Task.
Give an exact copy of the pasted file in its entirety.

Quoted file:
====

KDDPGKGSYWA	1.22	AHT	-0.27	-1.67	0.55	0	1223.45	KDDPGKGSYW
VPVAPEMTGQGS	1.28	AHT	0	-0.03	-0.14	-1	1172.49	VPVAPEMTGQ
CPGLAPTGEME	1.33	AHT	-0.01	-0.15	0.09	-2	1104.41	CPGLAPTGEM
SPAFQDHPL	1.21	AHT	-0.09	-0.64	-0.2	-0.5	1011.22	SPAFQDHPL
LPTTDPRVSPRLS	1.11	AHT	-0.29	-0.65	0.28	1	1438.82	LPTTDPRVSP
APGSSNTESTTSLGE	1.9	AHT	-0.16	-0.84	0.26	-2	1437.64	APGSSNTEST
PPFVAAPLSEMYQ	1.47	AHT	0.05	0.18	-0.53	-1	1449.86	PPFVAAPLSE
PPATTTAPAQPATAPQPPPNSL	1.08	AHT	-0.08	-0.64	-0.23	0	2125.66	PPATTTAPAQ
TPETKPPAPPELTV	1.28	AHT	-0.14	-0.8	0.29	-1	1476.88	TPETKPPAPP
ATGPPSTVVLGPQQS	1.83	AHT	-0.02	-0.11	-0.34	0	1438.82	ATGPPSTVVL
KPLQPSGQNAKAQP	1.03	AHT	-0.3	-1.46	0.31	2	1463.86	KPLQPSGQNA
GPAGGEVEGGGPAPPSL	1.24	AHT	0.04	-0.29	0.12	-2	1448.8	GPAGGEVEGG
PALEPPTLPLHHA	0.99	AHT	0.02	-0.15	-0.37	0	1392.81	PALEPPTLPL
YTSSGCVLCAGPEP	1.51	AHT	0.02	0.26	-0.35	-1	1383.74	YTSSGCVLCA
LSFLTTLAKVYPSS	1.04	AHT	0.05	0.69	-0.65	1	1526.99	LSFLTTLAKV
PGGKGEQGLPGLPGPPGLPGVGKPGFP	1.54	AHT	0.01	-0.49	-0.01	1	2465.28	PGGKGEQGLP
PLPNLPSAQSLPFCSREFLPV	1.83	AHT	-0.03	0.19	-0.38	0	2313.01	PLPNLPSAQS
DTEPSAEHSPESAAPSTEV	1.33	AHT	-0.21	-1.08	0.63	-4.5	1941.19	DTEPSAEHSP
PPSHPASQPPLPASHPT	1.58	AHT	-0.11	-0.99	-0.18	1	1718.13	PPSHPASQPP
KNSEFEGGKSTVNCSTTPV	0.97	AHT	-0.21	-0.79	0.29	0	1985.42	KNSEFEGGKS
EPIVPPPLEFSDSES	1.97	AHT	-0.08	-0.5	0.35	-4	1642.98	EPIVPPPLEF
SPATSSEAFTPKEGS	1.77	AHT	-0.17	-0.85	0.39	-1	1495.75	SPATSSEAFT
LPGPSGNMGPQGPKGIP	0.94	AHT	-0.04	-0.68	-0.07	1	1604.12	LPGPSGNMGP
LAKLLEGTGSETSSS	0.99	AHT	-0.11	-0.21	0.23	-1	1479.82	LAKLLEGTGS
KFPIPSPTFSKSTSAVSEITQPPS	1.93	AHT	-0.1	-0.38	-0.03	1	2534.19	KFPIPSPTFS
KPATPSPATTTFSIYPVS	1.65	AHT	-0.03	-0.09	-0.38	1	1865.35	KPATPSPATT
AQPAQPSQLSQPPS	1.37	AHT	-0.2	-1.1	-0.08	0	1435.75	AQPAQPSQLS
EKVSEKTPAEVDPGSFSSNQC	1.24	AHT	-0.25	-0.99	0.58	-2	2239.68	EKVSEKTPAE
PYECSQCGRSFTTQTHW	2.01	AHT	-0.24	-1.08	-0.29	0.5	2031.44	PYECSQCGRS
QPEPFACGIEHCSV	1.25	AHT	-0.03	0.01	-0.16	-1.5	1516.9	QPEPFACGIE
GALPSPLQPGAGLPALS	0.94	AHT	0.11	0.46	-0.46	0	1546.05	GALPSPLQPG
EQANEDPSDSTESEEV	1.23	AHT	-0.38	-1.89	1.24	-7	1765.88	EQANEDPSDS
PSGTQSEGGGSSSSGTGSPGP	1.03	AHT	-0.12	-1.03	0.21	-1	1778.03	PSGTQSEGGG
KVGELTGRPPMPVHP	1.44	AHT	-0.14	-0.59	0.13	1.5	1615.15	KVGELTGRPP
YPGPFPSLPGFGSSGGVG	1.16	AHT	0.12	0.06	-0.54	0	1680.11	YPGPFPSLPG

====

KDDPGKGSYWA	1.22	AHT	-0.27	-1.67	0.55	0	1223.45	KDDPGKGSYW
VPVAPEMTGQGS	1.28	AHT	0	-0.03	-0.14	-1	1172.49	VPVAPEMTGQ
CPGLAPTGEME	1.33	AHT	-0.01	-0.15	0.09	-2	1104.41	CPGLAPTGEM
SPAFQDHPL	1.21	AHT	-0.09	-0.64	-0.2	-0.5	1011.22	SPAFQDHPL
LPTTDPRVSPRLS	1.11	AHT	-0.29	-0.65	0.28	1	1438.82	LPTTDPRVSP
APGSSNTESTTSLGE	1.9	AHT	-0.16	-0.84	0.26	-2	1437.64	APGSSNTEST
PPFVAAPLSEMYQ	1.47	AHT	0.05	0.18	-0.53	-1	1449.86	PPFVAAPLSE
PPATTTAPAQPATAPQPPPNSL	1.08	AHT	-0.08	-0.64	-0.23	0	2125.66	PPATTTAPAQ
TPETKPPAPPELTV	1.28	AHT	-0.14	-0.8	0.29	-1	1476.88	TPETKPPAPP
ATGPPSTVVLGPQQS	1.83	AHT	-0.02	-0.11	-0.34	0	1438.82	ATGPPSTVVL
KPLQPSGQNAKAQP	1.03	AHT	-0.3	-1.46	0.31	2	1463.86	KPLQPSGQNA
GPAGGEVEGGGPAPPSL	1.24	AHT	0.04	-0.29	0.12	-2	1448.8	GPAGGEVEGG
PALEPPTLPLHHA	0.99	AHT	0.02	-0.15	-0.37	0	1392.81	PALEPPTLPL
YTSSGCVLCAGPEP	1.51	AHT	0.02	0.26	-0.35	-1	1383.74	YTSSGCVLCA
LSFLTTLAKVYPSS	1.04	AHT	0.05	0.69	-0.65	1	1526.99	LSFLTTLAKV
PGGKGEQGLPGLPGPPGLPGVGKPGFP	1.54	AHT	0.01	-0.49	-0.01	1	2465.28	PGGKGEQGLP
PLPNLPSAQSLPFCSREFLPV	1.83	AHT	-0.03	0.19	-0.38	0	2313.01	PLPNLPSAQS
DTEPSAEHSPESAAPSTEV	1.33	AHT	-0.21	-1.08	0.63	-4.5	1941.19	DTEPSAEHSP
PPSHPASQPPLPASHPT	1.58	AHT	-0.11	-0.99	-0.18	1	1718.13	PPSHPASQPP
KNSEFEGGKSTVNCSTTPV	0.97	AHT	-0.21	-0.79	0.29	0	1985.42	KNSEFEGGKS
EPIVPPPLEFSDSES	1.97	AHT	-0.08	-0.5	0.35	-4	1642.98	EPIVPPPLEF
SPATSSEAFTPKEGS	1.77	AHT	-0.17	-0.85	0.39	-1	1495.75	SPATSSEAFT
LPGPSGNMGPQGPKGIP	0.94	AHT	-0.04	-0.68	-0.07	1	1604.12	LPGPSGNMGP
LAKLLEGTGSETSSS	0.99	AHT	-0.11	-0.21	0.23	-1	1479.82	LAKLLEGTGS
KFPIPSPTFSKSTSAVSEITQPPS	1.93	AHT	-0.1	-0.38	-0.03	1	2534.19	KFPIPSPTFS
KPATPSPATTTFSIYPVS	1.65	AHT	-0.03	-0.09	-0.38	1	1865.35	KPATPSPATT
AQPAQPSQLSQPPS	1.37	AHT	-0.2	-1.1	-0.08	0	1435.75	AQPAQPSQLS
EKVSEKTPAEVDPGSFSSNQC	1.24	AHT	-0.25	-0.99	0.58	-2	2239.68	EKVSEKTPAE
PYECSQCGRSFTTQTHW	2.01	AHT	-0.24	-1.08	-0.29	0.5	2031.44	PYECSQCGRS
QPEPFACGIEHCSV	1.25	AHT	-0.03	0.01	-0.16	-1.5	1516.9	QPEPFACGIE
GALPSPLQPGAGLPALS	0.94	AHT	0.11	0.46	-0.46	0	1546.05	GALPSPLQPG
EQANEDPSDSTESEEV	1.23	AHT	-0.38	-1.89	1.24	-7	1765.88	EQANEDPSDS
PSGTQSEGGGSSSSGTGSPGP	1.03	AHT	-0.12	-1.03	0.21	-1	1778.03	PSGTQSEGGG
KVGELTGRPPMPVHP	1.44	AHT	-0.14	-0.59	0.13	1.5	1615.15	KVGELTGRPP
YPGPFPSLPGFGSSGGVG	1.16	AHT	0.12	0.06	-0.54	0	1680.11	YPGPFPSLPG